This is a trait shared by many other animals. Even people, when close to death, don’t have a normal appetite. So, like your pet’s eyes being closed, this is a sign that your gerbil is critically ill.
While strokes typically affect only one side of the brain, they can affect both. Because gerbils are susceptible to stroke, they can have multiple. And the individual strokes can be severe enough to cause complete paralysis.
This is where your gerbil is still alive but is unable to move. It can’t get up and walk around, let alone feed itself, play, hide, or interact with other gerbils. It may still have some functions:
- It can open its eyes and look around
- It can twitch, or even move, one limb
- It can still breathe, and its heart will still beat
When this occurs, your gerbil will likely die shortly. That’s because the stroke has caused a large amount of brain damage. This damage isn’t only to your gerbil’s intelligence but to basic functions like breathing. And if your pet doesn’t die soon, it will die later because of starvation.
Taking your pet to the vet to put it out of its misery is best if you notice this symptom.
Sudden Onset of Symptoms
Something that characterizes strokes is that they occur suddenly. A blood vessel can burst in an instant, and the effects begin as soon as it does.
This means that you can’t spot a stroke coming like you can with other health conditions. A respiratory infection, for example, can take days and days to get worse. You can identify it before it gets too bad and take your pet to the vet.
With a stroke, you can’t do that. Your gerbil will be fine one evening, and then by the next morning, experience all of the above symptoms. So, you won’t notice the symptoms all occurring one by one, but all at once. This is distressing for the owner as well as the gerbil.
Quickly Worsening Symptoms
Something else you’ll notice if your gerbil has a stroke is that symptoms can quickly worsen. Your gerbil may get better. But what many owners find is that their pet’s symptoms quickly get worse. To illustrate this in action, here is an example of how a gerbil has a stroke:
You will play with your pet normally one evening before placing it back in its cage. You will go to bed not having spotted any symptoms.
You will then wake up the next morning and see your pet displaying the symptoms listed above. Naturally, you will keep an eye on your pet to see if these symptoms change. But you may not yet appreciate how serious they are. Initial symptoms might include:
- Your pet nibbling on food slowly, but not eating much
- Your pet not looking around, but staring ahead, with eyes half-closed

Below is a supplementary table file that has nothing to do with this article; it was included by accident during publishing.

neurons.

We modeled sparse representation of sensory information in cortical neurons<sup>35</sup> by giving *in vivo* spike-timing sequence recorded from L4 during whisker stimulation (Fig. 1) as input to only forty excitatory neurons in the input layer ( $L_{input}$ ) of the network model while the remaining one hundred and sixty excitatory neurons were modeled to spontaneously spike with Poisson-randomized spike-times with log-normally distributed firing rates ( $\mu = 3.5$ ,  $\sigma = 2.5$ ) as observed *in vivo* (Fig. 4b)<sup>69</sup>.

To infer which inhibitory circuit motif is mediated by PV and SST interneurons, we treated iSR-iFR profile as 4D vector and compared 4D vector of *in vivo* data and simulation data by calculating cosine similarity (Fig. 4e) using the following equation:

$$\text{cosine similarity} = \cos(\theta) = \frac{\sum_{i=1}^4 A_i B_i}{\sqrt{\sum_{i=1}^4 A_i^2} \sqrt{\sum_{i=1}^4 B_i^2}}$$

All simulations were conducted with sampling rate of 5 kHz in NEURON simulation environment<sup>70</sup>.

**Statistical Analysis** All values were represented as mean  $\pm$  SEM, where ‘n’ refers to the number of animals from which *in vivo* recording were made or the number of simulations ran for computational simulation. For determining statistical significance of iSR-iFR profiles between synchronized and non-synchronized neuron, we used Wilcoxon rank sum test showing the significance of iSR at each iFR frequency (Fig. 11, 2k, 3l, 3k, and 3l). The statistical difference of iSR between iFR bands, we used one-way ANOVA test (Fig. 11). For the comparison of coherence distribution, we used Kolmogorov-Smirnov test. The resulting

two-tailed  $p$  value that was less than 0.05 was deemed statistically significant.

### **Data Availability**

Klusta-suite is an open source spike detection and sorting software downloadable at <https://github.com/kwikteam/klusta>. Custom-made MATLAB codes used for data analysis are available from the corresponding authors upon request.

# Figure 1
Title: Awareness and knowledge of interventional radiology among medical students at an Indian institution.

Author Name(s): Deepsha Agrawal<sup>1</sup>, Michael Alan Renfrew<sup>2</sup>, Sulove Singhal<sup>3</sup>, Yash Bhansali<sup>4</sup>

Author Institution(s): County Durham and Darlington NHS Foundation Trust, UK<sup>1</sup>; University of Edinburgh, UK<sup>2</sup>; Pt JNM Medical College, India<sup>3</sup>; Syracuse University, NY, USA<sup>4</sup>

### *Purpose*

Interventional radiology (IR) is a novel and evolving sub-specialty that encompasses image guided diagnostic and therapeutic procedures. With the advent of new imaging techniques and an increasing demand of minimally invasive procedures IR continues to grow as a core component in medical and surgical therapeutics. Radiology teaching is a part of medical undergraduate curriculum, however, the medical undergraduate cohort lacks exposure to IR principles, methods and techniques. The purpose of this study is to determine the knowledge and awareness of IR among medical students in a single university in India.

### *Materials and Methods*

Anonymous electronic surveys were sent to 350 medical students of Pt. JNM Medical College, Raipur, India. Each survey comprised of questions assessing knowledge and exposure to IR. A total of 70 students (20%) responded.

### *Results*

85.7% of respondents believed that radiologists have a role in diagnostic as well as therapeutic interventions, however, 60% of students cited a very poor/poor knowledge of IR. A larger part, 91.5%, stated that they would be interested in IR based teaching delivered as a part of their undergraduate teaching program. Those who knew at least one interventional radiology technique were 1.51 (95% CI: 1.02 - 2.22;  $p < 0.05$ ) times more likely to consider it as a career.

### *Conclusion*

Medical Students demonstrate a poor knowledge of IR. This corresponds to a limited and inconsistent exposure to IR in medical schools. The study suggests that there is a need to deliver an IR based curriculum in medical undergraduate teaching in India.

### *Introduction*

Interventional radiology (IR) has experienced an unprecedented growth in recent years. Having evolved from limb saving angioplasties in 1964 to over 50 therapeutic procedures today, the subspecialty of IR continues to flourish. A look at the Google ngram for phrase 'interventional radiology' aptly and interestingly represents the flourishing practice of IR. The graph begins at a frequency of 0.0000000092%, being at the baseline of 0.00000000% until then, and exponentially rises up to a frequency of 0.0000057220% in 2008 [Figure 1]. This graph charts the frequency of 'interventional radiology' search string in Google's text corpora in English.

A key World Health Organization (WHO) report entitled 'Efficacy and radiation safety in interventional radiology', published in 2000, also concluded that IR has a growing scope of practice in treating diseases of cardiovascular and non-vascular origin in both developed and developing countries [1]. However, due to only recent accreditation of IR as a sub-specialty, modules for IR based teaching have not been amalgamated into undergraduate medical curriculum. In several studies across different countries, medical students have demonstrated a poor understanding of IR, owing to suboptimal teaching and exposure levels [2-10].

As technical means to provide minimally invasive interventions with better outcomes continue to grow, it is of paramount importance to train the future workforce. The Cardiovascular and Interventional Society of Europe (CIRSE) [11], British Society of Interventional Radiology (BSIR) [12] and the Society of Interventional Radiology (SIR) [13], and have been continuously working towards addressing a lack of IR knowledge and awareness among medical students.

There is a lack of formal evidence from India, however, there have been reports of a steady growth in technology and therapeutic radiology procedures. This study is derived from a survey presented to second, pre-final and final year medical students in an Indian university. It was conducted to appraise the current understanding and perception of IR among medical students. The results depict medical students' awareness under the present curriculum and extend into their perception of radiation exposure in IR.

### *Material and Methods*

Then, you may leave your pet alone until the evening, hoping that the symptoms might reverse. But when you check on your pet later that night, you might notice:
- Your pet not moving at all
- Your pet keeping its eyes closed all the time
- Your pet not eating or drinking at all
These symptoms will continue until your pet dies. To be clear, this doesn’t happen in every case, and many gerbils do get better after strokes occur. But this is what happens in the worst-case scenario.
Gerbil Stroke Recovery
If your gerbil experiences a stroke, you can do certain things to help it. These things are common sense and don’t require expensive equipment or vet bills.
Whenever your pet experiences a debilitating health issue, you must take it to the vet. Vets don’t charge much for basic checkups. A cost of $20 to $40 isn’t unusual for such a basic once-over.
Feed Your Gerbil as It Recovers
Your gerbil may find it difficult to eat. It may have difficulty finding food and picking it up or chewing it. With time, your pet can recover. But it also needs to eat in the meantime or it will starve. Soft foods are the best choice for this. You can choose from things like:
- Cooked vegetables, e.g. carrots or peas mashed up to make them suitable
- Soft fruits, like banana
It is difficult to feed your gerbil a fully nutritious diet made only of soft foods. But at least this will give your pet the energy it needs to fight on.
Ensure that you feed your gerbil foods with some magnesium in them. Magnesium is essential for gerbil brain health. It can help prevent seizures and strokes in gerbils. While no studies have yet been done to prove it, it’s possible that it can also help with recovery after stroke.
Keep Your Pet Warm
Something else you can do is to provide your pet with a heat pad to sit underneath its enclosure. This will keep your pet warm inside its burrow, which is good for two reasons:
- Your gerbil won’t need as much food, because it doesn’t need to generate as much body heat
- Your gerbil will be more comfortable
There’s a lot to be said for keeping your gerbil comfortable during this time. If its condition worsens, you will be taking care of your pet as it passes away. This is known as palliative care, the purpose of which isn’t to cure but to make the patient comfortable before it dies.
This helps both the person and the gerbil. The pet is more comfortable, while its owner knows that they did their best to help.
Gerbil Stroke Treatment
Strokes are different from other conditions as there is no cure for strokes in gerbils. There is no way to manually undo the damage that the stroke has done to your pet.
But not all is lost. Gerbils can recover after experiencing a stroke, even though there’s nothing you can do to hasten the process.
Can Gerbils Recover Fully after a Stroke?
Over time, your pet can recover some or all of its lost functions. It may regain the use of its limbs, for example, over time. This process is gradual rather than immediate.
Your pet’s mood will also improve. It will become less lethargic. It should start moving around more and interacting with other gerbils like it used to. It should also begin eating of its own accord rather than waiting for you to feed it.